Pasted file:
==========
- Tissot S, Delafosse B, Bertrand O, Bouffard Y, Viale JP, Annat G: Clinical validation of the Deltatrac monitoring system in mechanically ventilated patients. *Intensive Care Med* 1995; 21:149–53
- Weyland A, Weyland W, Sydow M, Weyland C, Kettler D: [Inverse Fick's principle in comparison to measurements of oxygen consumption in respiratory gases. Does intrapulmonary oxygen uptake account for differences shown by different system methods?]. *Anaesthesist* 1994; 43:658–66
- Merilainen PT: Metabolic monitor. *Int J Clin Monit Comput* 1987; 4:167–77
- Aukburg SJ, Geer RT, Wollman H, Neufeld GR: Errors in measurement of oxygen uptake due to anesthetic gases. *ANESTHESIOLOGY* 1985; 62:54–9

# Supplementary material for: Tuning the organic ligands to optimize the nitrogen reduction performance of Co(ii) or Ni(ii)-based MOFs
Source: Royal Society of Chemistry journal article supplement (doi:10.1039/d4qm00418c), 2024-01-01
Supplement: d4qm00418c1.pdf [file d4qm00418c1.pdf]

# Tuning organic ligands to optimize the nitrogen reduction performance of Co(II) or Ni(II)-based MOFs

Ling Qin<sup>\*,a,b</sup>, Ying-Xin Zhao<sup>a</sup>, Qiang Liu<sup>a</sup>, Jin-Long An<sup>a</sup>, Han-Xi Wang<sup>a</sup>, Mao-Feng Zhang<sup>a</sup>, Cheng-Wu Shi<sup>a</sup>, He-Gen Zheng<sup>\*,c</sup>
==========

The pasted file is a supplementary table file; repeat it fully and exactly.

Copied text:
- Tissot S, Delafosse B, Bertrand O, Bouffard Y, Viale JP, Annat G: Clinical validation of the Deltatrac monitoring system in mechanically ventilated patients. *Intensive Care Med* 1995; 21:149–53
- Weyland A, Weyland W, Sydow M, Weyland C, Kettler D: [Inverse Fick's principle in comparison to measurements of oxygen consumption in respiratory gases. Does intrapulmonary oxygen uptake account for differences shown by different system methods?]. *Anaesthesist* 1994; 43:658–66
- Merilainen PT: Metabolic monitor. *Int J Clin Monit Comput* 1987; 4:167–77
- Aukburg SJ, Geer RT, Wollman H, Neufeld GR: Errors in measurement of oxygen uptake due to anesthetic gases. *ANESTHESIOLOGY* 1985; 62:54–9

# Supplementary material for: Tuning the organic ligands to optimize the nitrogen reduction performance of Co(ii) or Ni(ii)-based MOFs
Source: Royal Society of Chemistry journal article supplement (doi:10.1039/d4qm00418c), 2024-01-01
Supplement: d4qm00418c1.pdf [file d4qm00418c1.pdf]

# Tuning organic ligands to optimize the nitrogen reduction performance of Co(II) or Ni(II)-based MOFs

Ling Qin<sup>\*,a,b</sup>, Ying-Xin Zhao<sup>a</sup>, Qiang Liu<sup>a</sup>, Jin-Long An<sup>a</sup>, Han-Xi Wang<sup>a</sup>, Mao-Feng Zhang<sup>a</sup>, Cheng-Wu Shi<sup>a</sup>, He-Gen Zheng<sup>\*,c</sup>